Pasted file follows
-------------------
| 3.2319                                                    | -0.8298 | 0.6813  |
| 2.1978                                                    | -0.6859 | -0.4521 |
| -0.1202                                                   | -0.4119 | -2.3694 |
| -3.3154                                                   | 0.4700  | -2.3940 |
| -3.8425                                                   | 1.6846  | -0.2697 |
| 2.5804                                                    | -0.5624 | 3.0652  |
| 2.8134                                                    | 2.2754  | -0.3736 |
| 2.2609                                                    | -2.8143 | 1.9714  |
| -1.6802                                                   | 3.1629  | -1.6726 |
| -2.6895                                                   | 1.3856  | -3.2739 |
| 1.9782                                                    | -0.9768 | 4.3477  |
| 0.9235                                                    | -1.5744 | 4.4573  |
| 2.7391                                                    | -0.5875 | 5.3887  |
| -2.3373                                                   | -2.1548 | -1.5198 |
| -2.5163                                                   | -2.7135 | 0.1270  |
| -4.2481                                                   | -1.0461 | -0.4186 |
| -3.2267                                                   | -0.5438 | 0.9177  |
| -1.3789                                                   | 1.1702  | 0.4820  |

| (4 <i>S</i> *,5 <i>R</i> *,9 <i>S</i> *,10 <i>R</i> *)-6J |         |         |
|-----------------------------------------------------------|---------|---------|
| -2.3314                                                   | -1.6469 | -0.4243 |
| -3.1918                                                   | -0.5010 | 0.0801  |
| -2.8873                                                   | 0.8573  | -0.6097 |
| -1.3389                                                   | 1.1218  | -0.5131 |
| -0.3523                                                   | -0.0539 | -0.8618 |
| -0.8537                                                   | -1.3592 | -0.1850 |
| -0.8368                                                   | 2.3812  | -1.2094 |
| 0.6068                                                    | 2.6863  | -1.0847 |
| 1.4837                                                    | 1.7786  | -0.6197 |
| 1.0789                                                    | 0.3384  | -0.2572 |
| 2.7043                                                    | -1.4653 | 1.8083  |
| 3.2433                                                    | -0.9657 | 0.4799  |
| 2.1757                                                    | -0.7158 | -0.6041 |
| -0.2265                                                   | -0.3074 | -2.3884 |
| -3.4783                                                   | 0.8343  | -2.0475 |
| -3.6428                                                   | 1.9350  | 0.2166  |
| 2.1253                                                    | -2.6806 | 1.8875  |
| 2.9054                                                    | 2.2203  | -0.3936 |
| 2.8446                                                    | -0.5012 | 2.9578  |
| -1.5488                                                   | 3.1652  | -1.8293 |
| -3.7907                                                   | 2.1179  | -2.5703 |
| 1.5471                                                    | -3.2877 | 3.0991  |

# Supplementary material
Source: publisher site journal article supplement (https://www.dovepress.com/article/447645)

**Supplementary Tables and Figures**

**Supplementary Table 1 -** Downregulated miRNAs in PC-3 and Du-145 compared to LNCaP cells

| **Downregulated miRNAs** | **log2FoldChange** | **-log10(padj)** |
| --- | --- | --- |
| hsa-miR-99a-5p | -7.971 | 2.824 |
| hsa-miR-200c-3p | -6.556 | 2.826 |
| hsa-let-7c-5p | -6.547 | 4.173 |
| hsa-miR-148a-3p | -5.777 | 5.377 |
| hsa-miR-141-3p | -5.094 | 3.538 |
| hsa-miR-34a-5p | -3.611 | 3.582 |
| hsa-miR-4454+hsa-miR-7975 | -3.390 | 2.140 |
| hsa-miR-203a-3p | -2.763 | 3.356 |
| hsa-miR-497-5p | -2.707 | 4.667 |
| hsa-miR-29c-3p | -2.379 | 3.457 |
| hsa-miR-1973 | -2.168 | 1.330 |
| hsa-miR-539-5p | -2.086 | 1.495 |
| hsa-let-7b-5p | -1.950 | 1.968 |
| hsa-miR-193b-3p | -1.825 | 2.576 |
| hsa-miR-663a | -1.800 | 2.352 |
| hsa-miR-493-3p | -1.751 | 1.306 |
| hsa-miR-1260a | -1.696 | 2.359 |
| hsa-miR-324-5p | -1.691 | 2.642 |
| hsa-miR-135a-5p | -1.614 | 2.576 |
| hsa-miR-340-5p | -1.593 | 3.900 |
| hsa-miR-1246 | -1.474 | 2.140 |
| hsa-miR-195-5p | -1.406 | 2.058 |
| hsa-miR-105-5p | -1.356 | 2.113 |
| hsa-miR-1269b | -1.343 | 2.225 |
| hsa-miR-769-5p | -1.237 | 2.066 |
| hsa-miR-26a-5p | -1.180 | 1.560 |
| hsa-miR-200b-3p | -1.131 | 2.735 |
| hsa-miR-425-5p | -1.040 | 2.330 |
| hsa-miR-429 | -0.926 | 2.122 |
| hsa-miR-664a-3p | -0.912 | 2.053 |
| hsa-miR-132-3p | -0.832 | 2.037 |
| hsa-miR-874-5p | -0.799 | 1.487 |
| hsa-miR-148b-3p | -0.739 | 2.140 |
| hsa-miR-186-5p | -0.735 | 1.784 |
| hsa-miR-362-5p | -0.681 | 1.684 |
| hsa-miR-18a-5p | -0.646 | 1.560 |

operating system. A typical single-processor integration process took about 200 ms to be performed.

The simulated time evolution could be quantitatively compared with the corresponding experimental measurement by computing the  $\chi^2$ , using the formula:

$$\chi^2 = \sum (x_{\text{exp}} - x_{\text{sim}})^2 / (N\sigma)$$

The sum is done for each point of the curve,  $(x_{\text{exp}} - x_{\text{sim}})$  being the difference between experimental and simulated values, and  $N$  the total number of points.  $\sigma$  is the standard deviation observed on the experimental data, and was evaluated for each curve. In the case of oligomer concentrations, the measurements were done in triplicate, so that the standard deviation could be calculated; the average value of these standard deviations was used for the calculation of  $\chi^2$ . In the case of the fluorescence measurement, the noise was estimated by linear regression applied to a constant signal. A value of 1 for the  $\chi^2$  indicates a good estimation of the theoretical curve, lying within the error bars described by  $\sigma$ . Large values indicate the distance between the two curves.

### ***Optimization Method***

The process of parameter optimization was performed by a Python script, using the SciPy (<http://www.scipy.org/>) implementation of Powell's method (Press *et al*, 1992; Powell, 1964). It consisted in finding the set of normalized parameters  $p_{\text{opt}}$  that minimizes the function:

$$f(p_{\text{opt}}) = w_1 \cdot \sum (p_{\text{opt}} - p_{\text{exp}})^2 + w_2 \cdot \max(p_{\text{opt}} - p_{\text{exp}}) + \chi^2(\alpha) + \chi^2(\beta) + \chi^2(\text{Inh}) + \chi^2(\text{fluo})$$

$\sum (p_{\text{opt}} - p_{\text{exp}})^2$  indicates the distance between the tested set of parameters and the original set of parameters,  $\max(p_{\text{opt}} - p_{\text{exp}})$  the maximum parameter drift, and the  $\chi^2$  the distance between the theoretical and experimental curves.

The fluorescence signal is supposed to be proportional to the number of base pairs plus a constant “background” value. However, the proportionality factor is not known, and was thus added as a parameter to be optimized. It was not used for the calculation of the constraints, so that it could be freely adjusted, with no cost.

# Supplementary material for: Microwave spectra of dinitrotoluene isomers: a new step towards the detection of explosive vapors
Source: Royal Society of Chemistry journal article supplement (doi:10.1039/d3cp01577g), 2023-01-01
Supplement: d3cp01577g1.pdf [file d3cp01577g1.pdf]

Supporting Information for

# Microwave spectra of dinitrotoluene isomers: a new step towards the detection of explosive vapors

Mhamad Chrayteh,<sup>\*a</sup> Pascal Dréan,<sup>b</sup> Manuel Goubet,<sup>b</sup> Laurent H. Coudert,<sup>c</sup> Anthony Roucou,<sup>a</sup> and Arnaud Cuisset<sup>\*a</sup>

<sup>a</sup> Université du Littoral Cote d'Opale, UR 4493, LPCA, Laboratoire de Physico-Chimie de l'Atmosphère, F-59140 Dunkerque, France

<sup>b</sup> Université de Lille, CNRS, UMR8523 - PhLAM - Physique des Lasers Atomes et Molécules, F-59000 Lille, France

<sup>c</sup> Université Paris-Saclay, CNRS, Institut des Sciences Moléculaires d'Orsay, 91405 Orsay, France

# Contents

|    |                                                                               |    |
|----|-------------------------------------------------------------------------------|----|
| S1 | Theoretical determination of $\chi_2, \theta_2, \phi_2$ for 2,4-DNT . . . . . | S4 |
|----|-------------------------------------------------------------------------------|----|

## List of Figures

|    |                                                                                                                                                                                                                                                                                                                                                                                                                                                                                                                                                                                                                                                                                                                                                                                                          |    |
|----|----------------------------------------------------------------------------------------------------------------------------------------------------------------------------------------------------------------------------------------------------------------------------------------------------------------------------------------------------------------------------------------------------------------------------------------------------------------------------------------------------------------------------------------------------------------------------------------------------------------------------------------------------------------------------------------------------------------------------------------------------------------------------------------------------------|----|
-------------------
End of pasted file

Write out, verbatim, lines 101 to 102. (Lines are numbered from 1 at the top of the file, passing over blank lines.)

<sup>b</sup> Université de Lille, CNRS, UMR8523 - PhLAM - Physique des Lasers Atomes et Molécules, F-59000 Lille, France

<sup>c</sup> Université Paris-Saclay, CNRS, Institut des Sciences Moléculaires d'Orsay, 91405 Orsay, France